West Chester, PA 19380
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Lee Ciccarelli is the founder and managing partner of Ciccarelli Law Offices with over two decades experience as a practicing attorney.
These locations are available by appointment only
When you have a son or daughter, they are often the most important thing in the world to you. You're likely very concerned about who the child lives with and who has the right to make decisions for the child. You may even want the right to visit with the child from time to time over their lives.
When parents disagree, these issues are brought into the legal world and become child custody issues. This can be an emotionally wrenching fight if not approached correctly. An experienced family attorney with a cool head can help you seek resolution on these difficult matters.
Don't leave this delicate matter to chance. Our team of experienced legal team at Ciccarelli Law Offices can help you resolve this matter efficiently and with minimal stress to your family. Let us put all of our experience to work for you. We understand how important your children are to you and we will always go the extra mile to work towards a positive resolution for your family.
You can expect the highest levels of dedication and attention to you case. Browse our website to learn more about the following matters before your free consultation with our firm:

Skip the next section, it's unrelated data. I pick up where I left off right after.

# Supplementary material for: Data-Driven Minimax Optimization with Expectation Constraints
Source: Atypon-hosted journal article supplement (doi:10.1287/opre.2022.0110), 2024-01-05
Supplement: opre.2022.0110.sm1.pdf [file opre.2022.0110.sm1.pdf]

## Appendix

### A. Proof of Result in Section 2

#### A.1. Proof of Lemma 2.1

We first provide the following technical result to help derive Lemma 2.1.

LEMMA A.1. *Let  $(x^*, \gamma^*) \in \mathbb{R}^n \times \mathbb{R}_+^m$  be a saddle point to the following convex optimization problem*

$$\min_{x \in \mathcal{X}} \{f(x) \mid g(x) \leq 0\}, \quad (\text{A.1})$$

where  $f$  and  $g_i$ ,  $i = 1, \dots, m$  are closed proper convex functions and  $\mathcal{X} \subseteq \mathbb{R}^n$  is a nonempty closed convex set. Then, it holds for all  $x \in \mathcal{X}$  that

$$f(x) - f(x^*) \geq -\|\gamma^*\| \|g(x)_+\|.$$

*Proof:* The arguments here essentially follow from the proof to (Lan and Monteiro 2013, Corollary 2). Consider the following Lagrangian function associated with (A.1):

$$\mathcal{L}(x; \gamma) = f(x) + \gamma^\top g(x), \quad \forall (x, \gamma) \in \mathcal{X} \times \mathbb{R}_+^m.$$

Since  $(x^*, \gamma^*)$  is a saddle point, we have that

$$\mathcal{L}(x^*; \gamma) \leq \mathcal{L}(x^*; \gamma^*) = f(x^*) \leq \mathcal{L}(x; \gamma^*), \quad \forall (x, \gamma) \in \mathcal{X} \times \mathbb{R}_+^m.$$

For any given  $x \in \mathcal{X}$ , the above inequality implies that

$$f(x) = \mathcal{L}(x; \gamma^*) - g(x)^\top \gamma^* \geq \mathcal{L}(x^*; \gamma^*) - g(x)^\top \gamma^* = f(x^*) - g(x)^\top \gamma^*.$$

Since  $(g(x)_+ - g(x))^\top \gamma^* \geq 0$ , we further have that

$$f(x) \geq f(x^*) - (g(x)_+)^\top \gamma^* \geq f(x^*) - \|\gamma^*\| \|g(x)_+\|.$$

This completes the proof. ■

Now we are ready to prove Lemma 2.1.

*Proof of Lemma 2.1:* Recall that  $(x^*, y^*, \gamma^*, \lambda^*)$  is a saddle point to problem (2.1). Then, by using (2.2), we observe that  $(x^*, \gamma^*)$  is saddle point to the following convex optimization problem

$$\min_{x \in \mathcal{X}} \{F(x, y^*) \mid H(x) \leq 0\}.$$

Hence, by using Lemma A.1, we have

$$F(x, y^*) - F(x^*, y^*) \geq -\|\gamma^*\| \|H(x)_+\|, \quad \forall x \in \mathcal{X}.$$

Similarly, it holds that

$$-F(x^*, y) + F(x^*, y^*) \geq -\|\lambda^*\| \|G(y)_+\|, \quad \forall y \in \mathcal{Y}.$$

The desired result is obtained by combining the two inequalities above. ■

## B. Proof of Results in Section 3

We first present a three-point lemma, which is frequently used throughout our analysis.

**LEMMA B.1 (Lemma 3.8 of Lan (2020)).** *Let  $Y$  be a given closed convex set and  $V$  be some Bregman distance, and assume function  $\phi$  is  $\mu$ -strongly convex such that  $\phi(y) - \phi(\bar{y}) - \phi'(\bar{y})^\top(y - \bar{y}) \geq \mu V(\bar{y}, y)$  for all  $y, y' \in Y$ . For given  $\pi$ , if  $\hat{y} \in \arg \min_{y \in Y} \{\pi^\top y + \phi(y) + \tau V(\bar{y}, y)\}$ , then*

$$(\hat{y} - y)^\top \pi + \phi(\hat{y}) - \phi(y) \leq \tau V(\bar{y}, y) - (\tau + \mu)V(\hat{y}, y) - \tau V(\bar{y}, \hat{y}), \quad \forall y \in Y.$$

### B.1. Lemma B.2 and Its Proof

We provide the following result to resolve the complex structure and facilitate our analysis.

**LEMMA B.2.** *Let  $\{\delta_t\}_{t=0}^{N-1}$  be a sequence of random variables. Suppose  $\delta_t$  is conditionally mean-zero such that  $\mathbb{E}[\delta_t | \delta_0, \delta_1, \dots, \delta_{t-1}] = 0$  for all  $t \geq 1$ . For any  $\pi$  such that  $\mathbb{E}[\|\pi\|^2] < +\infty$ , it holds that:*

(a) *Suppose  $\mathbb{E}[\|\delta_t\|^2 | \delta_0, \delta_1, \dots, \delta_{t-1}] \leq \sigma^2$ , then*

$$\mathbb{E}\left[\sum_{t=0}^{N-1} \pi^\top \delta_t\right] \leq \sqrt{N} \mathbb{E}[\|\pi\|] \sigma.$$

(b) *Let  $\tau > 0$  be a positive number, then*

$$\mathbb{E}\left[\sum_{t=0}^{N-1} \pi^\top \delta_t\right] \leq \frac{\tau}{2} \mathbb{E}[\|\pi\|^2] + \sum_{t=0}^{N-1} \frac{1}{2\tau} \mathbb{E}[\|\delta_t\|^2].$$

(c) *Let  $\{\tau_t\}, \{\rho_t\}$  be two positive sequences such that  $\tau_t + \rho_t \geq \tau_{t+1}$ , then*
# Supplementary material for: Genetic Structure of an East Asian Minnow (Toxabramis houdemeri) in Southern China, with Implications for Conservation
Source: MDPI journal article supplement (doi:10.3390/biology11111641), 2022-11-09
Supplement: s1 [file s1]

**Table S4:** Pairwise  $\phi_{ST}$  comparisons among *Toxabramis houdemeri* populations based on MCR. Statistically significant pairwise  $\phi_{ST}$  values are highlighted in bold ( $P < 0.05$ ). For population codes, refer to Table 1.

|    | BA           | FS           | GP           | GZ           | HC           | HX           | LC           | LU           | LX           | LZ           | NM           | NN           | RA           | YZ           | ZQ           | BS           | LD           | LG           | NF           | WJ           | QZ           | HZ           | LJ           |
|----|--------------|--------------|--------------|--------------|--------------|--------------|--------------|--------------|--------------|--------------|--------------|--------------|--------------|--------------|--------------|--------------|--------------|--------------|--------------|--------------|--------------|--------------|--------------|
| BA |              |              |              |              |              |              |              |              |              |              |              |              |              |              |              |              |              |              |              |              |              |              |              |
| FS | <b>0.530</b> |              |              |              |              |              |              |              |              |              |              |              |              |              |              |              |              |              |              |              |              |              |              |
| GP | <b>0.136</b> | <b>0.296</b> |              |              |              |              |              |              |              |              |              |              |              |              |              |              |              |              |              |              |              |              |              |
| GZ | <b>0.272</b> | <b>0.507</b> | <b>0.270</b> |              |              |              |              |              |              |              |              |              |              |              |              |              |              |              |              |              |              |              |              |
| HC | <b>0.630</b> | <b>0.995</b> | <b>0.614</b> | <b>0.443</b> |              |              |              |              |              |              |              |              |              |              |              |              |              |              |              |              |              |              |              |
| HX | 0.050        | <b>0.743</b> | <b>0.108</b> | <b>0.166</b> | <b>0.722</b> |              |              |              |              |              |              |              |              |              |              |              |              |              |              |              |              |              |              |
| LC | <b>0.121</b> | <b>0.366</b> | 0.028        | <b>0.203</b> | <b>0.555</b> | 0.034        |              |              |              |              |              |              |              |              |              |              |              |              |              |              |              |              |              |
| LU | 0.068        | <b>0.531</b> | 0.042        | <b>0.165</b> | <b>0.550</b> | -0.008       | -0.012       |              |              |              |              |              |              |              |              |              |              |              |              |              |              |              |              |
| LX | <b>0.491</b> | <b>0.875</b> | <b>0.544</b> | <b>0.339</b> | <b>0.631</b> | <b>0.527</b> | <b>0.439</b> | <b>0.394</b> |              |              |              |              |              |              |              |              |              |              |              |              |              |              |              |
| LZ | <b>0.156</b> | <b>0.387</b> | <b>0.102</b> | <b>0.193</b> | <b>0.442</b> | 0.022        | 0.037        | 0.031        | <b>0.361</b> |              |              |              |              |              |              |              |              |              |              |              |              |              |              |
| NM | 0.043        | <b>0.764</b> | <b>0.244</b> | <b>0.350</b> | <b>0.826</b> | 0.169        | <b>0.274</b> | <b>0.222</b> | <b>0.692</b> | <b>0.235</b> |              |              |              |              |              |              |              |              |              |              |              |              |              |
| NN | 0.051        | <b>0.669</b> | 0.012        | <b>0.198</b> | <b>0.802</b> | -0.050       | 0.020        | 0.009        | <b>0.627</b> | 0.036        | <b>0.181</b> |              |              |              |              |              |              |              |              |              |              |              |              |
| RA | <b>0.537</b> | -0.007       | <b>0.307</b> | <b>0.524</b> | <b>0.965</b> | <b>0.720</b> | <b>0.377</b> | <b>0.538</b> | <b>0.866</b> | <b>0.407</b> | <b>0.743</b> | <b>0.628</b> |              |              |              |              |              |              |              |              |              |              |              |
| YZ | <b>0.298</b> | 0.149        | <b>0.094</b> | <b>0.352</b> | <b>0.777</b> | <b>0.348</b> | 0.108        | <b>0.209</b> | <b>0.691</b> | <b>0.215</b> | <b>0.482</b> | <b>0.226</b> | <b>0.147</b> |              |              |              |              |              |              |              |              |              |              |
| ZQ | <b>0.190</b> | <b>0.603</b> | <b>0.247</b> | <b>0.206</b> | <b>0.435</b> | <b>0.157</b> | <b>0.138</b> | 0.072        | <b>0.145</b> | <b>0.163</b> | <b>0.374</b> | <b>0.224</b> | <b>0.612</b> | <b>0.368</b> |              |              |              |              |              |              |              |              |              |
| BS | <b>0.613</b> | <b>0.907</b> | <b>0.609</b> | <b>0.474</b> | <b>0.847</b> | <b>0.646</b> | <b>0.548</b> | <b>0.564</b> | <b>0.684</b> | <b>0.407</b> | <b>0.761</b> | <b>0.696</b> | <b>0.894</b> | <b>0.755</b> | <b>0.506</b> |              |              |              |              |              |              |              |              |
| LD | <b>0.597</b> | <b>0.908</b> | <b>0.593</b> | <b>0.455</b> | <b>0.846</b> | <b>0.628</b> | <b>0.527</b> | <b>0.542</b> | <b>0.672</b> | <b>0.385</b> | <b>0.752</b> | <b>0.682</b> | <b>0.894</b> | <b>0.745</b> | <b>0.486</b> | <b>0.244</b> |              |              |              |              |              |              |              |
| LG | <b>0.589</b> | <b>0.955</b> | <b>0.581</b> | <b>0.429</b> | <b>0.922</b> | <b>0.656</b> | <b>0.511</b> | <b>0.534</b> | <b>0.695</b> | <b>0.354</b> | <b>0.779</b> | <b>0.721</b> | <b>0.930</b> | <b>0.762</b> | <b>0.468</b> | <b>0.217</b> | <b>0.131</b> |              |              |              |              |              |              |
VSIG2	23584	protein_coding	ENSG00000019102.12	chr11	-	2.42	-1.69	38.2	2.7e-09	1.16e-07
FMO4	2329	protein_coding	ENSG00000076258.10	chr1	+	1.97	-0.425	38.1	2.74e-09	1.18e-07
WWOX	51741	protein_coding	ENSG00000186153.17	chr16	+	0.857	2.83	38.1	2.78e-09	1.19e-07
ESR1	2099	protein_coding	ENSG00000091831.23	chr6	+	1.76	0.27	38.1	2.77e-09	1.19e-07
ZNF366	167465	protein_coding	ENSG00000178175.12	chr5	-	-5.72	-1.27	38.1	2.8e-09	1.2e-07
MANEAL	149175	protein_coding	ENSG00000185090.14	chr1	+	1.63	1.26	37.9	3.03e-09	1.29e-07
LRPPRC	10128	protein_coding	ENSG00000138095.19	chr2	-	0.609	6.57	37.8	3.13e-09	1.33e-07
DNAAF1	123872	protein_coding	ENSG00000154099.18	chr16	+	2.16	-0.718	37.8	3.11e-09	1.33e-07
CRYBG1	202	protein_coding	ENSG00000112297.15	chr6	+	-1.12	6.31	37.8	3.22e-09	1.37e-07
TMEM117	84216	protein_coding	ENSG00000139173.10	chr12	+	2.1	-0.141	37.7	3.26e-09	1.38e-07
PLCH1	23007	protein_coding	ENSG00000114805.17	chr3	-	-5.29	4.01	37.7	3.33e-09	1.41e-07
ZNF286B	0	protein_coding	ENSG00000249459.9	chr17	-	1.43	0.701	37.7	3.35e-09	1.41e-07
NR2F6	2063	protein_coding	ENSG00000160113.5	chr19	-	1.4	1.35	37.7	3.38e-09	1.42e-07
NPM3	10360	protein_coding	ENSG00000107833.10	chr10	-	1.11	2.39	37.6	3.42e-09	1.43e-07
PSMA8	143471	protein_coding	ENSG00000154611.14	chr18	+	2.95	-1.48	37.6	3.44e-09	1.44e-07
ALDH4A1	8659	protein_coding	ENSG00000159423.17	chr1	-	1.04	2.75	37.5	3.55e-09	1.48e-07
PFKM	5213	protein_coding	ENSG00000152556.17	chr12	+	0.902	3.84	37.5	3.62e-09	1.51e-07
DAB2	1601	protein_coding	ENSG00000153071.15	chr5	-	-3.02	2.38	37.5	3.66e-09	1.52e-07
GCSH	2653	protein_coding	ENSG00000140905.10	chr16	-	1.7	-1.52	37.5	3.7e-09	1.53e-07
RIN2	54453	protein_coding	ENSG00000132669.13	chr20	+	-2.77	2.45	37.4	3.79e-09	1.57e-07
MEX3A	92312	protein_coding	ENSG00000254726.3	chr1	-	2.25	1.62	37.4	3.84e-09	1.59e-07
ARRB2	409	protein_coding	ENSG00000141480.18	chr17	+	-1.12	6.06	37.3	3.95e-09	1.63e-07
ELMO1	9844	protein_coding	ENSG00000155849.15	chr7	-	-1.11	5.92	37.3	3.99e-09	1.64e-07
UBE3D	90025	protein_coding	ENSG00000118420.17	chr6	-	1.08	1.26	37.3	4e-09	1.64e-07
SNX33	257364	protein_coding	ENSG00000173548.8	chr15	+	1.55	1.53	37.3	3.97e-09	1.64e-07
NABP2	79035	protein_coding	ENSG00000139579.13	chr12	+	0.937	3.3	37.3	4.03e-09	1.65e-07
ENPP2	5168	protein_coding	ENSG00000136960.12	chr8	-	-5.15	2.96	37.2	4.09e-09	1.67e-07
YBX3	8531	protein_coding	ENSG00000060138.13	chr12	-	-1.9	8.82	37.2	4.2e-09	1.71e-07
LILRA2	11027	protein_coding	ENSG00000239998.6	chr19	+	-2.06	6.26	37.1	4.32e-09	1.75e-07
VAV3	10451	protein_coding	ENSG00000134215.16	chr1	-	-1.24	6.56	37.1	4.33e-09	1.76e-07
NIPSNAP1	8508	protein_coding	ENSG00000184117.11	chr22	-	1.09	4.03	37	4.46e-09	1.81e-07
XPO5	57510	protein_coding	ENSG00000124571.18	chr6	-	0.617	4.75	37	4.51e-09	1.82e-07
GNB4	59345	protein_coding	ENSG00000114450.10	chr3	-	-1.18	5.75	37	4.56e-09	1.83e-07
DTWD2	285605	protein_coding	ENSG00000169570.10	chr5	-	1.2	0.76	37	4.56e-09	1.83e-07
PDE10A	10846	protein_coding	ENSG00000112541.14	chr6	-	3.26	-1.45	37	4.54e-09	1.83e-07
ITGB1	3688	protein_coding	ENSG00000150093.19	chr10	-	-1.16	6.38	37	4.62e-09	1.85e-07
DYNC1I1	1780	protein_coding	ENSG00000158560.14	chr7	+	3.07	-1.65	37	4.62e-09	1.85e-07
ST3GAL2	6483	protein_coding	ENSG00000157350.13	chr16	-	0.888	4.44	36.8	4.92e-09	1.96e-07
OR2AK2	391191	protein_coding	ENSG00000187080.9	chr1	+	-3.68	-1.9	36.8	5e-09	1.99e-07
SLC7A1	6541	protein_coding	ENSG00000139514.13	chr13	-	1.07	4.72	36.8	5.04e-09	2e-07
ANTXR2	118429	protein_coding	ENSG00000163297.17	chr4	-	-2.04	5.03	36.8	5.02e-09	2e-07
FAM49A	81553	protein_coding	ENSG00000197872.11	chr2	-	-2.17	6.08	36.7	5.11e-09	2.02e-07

Call us today at (877) 529-2422 or send an online message to schedule time to talk to our family lawyers about your unique situation. We have convenient meeting locations in West Chester, Lancaster, Philadelphia, Plymouth Meeting, Kennett Square, Malvern, Springfield, King of Prussia, and Radnor.
We proudly represent clients with custody matters all around Philadelphia and Southeastern Pennsylvania, including Chester County, Delaware County, Lancaster County and Montgomery County.
In legal terms, having the right to seek custody in court is called "standing." Any parent has standing to seek this. A person also has standing if they stand "in loco parentis" to a child, which means that they person acted as a parent. This includes legal guardians and family members who have had physical possession of a child for a significant period of time. If a person is seeking custody "in loco parentis," he or she will be required to prove that they have standing.
Grandparents might also have standing with their grandchildren. To qualify, the grandparent must have an existing relationship with the granddaughter or grandson, be willing to serve as parents and the child has no parents, the parents have abandoned the child, the child's parents' rights have been terminated, or the child meets other criteria and needs parental supervision, or if the child has resided with the grandparent for at least 12 months and the action is taken within six months of the child being taken away.
Legal custody is the right to make important decisions on behalf of the child, including medical decisions, decisions about religious upbringing and decisions about attending school. A parent can have sole legal custody, meaning they have the exclusive right to make these decisions, or share this responsiblility with another parent, meaning they must come to an agreement on these matters.